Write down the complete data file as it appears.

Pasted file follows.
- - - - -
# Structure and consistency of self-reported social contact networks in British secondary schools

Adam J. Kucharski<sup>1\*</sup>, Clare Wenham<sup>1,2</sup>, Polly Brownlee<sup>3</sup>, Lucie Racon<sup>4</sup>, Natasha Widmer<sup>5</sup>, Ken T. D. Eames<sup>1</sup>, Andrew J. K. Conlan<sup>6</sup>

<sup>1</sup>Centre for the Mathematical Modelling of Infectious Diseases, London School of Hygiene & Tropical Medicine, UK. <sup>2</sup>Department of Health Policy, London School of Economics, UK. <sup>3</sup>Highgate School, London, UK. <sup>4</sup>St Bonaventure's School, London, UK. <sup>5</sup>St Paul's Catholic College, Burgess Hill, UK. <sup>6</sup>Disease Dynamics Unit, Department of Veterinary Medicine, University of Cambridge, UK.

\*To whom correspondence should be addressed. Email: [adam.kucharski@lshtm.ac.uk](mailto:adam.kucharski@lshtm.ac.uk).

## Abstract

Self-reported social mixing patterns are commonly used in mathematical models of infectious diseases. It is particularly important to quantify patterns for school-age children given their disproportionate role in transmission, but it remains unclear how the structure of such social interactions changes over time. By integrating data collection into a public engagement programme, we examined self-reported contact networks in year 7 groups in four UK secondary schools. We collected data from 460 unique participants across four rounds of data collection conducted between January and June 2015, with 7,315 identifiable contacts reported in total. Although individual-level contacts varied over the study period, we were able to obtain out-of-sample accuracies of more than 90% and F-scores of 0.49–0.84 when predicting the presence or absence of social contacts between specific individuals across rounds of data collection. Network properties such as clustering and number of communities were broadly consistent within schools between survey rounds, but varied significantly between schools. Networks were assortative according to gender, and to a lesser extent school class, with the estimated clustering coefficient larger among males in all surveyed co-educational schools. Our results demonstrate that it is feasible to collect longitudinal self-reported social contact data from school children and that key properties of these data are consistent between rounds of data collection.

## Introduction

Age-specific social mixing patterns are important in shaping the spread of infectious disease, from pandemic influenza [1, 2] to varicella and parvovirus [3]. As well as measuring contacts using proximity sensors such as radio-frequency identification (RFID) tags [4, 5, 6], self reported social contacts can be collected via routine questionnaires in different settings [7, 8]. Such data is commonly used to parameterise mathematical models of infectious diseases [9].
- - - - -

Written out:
# Structure and consistency of self-reported social contact networks in British secondary schools

Adam J. Kucharski<sup>1\*</sup>, Clare Wenham<sup>1,2</sup>, Polly Brownlee<sup>3</sup>, Lucie Racon<sup>4</sup>, Natasha Widmer<sup>5</sup>, Ken T. D. Eames<sup>1</sup>, Andrew J. K. Conlan<sup>6</sup>

<sup>1</sup>Centre for the Mathematical Modelling of Infectious Diseases, London School of Hygiene & Tropical Medicine, UK. <sup>2</sup>Department of Health Policy, London School of Economics, UK. <sup>3</sup>Highgate School, London, UK. <sup>4</sup>St Bonaventure's School, London, UK. <sup>5</sup>St Paul's Catholic College, Burgess Hill, UK. <sup>6</sup>Disease Dynamics Unit, Department of Veterinary Medicine, University of Cambridge, UK.

\*To whom correspondence should be addressed. Email: [adam.kucharski@lshtm.ac.uk](mailto:adam.kucharski@lshtm.ac.uk).

## Abstract

Self-reported social mixing patterns are commonly used in mathematical models of infectious diseases. It is particularly important to quantify patterns for school-age children given their disproportionate role in transmission, but it remains unclear how the structure of such social interactions changes over time. By integrating data collection into a public engagement programme, we examined self-reported contact networks in year 7 groups in four UK secondary schools. We collected data from 460 unique participants across four rounds of data collection conducted between January and June 2015, with 7,315 identifiable contacts reported in total. Although individual-level contacts varied over the study period, we were able to obtain out-of-sample accuracies of more than 90% and F-scores of 0.49–0.84 when predicting the presence or absence of social contacts between specific individuals across rounds of data collection. Network properties such as clustering and number of communities were broadly consistent within schools between survey rounds, but varied significantly between schools. Networks were assortative according to gender, and to a lesser extent school class, with the estimated clustering coefficient larger among males in all surveyed co-educational schools. Our results demonstrate that it is feasible to collect longitudinal self-reported social contact data from school children and that key properties of these data are consistent between rounds of data collection.

## Introduction

Age-specific social mixing patterns are important in shaping the spread of infectious disease, from pandemic influenza [1, 2] to varicella and parvovirus [3]. As well as measuring contacts using proximity sensors such as radio-frequency identification (RFID) tags [4, 5, 6], self reported social contacts can be collected via routine questionnaires in different settings [7, 8]. Such data is commonly used to parameterise mathematical models of infectious diseases [9].